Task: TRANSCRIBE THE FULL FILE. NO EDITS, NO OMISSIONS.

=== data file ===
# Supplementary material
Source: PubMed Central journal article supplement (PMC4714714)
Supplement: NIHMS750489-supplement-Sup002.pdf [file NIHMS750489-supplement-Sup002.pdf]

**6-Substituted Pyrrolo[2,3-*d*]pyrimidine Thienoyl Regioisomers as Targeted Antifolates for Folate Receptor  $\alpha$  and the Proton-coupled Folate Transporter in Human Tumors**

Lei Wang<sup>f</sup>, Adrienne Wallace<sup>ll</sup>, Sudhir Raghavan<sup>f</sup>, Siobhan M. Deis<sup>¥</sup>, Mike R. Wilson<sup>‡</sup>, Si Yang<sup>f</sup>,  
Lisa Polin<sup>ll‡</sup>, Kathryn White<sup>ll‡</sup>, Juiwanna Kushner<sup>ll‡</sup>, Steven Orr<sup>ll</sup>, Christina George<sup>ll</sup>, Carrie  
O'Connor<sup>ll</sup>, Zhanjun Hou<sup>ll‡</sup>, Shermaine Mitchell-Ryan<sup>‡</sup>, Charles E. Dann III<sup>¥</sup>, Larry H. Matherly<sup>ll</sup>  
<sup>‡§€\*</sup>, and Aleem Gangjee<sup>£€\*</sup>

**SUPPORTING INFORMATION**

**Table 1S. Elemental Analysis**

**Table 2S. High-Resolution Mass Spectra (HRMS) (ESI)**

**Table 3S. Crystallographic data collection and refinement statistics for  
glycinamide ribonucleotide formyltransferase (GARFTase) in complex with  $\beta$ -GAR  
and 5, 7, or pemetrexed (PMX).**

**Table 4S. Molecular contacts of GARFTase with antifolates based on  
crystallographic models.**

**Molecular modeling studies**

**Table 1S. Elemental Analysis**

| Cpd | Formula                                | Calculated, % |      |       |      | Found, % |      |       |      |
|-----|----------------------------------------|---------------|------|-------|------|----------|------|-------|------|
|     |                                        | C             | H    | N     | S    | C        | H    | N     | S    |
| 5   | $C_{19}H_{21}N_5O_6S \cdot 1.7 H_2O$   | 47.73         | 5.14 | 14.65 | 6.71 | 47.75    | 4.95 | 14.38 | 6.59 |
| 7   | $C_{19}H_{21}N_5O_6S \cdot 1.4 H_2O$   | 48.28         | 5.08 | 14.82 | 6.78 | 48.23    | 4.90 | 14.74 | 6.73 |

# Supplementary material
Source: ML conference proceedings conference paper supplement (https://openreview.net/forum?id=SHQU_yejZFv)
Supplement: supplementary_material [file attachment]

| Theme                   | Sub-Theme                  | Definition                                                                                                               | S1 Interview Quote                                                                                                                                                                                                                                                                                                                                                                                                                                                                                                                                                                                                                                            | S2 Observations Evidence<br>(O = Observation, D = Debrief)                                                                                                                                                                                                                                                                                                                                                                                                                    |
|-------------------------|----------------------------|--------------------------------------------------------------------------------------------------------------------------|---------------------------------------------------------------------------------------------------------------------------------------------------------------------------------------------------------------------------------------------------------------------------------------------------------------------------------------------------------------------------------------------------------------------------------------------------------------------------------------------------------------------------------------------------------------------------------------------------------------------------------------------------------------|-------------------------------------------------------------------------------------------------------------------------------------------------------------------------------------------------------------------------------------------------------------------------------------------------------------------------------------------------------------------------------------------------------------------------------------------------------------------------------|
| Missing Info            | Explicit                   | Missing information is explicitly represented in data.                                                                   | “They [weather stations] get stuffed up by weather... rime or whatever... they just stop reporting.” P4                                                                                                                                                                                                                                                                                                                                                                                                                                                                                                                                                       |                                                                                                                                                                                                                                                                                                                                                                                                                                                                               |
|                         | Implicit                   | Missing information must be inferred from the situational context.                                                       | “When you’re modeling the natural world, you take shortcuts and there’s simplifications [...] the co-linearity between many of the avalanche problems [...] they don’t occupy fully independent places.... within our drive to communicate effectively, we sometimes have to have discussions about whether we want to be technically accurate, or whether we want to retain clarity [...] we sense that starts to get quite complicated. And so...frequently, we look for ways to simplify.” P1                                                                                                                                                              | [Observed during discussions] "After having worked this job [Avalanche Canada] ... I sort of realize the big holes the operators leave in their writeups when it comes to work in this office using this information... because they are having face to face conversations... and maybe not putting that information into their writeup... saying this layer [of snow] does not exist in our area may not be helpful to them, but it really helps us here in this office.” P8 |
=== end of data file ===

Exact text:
# Supplementary material
Source: PubMed Central journal article supplement (PMC4714714)
Supplement: NIHMS750489-supplement-Sup002.pdf [file NIHMS750489-supplement-Sup002.pdf]

**6-Substituted Pyrrolo[2,3-*d*]pyrimidine Thienoyl Regioisomers as Targeted Antifolates for Folate Receptor  $\alpha$  and the Proton-coupled Folate Transporter in Human Tumors**

Lei Wang<sup>f</sup>, Adrienne Wallace<sup>ll</sup>, Sudhir Raghavan<sup>f</sup>, Siobhan M. Deis<sup>¥</sup>, Mike R. Wilson<sup>‡</sup>, Si Yang<sup>f</sup>,  
Lisa Polin<sup>ll‡</sup>, Kathryn White<sup>ll‡</sup>, Juiwanna Kushner<sup>ll‡</sup>, Steven Orr<sup>ll</sup>, Christina George<sup>ll</sup>, Carrie  
O'Connor<sup>ll</sup>, Zhanjun Hou<sup>ll‡</sup>, Shermaine Mitchell-Ryan<sup>‡</sup>, Charles E. Dann III<sup>¥</sup>, Larry H. Matherly<sup>ll</sup>  
<sup>‡§€\*</sup>, and Aleem Gangjee<sup>£€\*</sup>

**SUPPORTING INFORMATION**

**Table 1S. Elemental Analysis**

**Table 2S. High-Resolution Mass Spectra (HRMS) (ESI)**

**Table 3S. Crystallographic data collection and refinement statistics for  
glycinamide ribonucleotide formyltransferase (GARFTase) in complex with  $\beta$ -GAR  
and 5, 7, or pemetrexed (PMX).**

**Table 4S. Molecular contacts of GARFTase with antifolates based on  
crystallographic models.**

**Molecular modeling studies**

**Table 1S. Elemental Analysis**

| Cpd | Formula                                | Calculated, % |      |       |      | Found, % |      |       |      |
|-----|----------------------------------------|---------------|------|-------|------|----------|------|-------|------|
|     |                                        | C             | H    | N     | S    | C        | H    | N     | S    |
| 5   | $C_{19}H_{21}N_5O_6S \cdot 1.7 H_2O$   | 47.73         | 5.14 | 14.65 | 6.71 | 47.75    | 4.95 | 14.38 | 6.59 |
| 7   | $C_{19}H_{21}N_5O_6S \cdot 1.4 H_2O$   | 48.28         | 5.08 | 14.82 | 6.78 | 48.23    | 4.90 | 14.74 | 6.73 |

# Supplementary material
Source: ML conference proceedings conference paper supplement (https://openreview.net/forum?id=SHQU_yejZFv)
Supplement: supplementary_material [file attachment]

| Theme                   | Sub-Theme                  | Definition                                                                                                               | S1 Interview Quote                                                                                                                                                                                                                                                                                                                                                                                                                                                                                                                                                                                                                                            | S2 Observations Evidence<br>(O = Observation, D = Debrief)                                                                                                                                                                                                                                                                                                                                                                                                                    |
|-------------------------|----------------------------|--------------------------------------------------------------------------------------------------------------------------|---------------------------------------------------------------------------------------------------------------------------------------------------------------------------------------------------------------------------------------------------------------------------------------------------------------------------------------------------------------------------------------------------------------------------------------------------------------------------------------------------------------------------------------------------------------------------------------------------------------------------------------------------------------|-------------------------------------------------------------------------------------------------------------------------------------------------------------------------------------------------------------------------------------------------------------------------------------------------------------------------------------------------------------------------------------------------------------------------------------------------------------------------------|
| Missing Info            | Explicit                   | Missing information is explicitly represented in data.                                                                   | “They [weather stations] get stuffed up by weather... rime or whatever... they just stop reporting.” P4                                                                                                                                                                                                                                                                                                                                                                                                                                                                                                                                                       |                                                                                                                                                                                                                                                                                                                                                                                                                                                                               |
|                         | Implicit                   | Missing information must be inferred from the situational context.                                                       | “When you’re modeling the natural world, you take shortcuts and there’s simplifications [...] the co-linearity between many of the avalanche problems [...] they don’t occupy fully independent places.... within our drive to communicate effectively, we sometimes have to have discussions about whether we want to be technically accurate, or whether we want to retain clarity [...] we sense that starts to get quite complicated. And so...frequently, we look for ways to simplify.” P1                                                                                                                                                              | [Observed during discussions] "After having worked this job [Avalanche Canada] ... I sort of realize the big holes the operators leave in their writeups when it comes to work in this office using this information... because they are having face to face conversations... and maybe not putting that information into their writeup... saying this layer [of snow] does not exist in our area may not be helpful to them, but it really helps us here in this office.” P8 |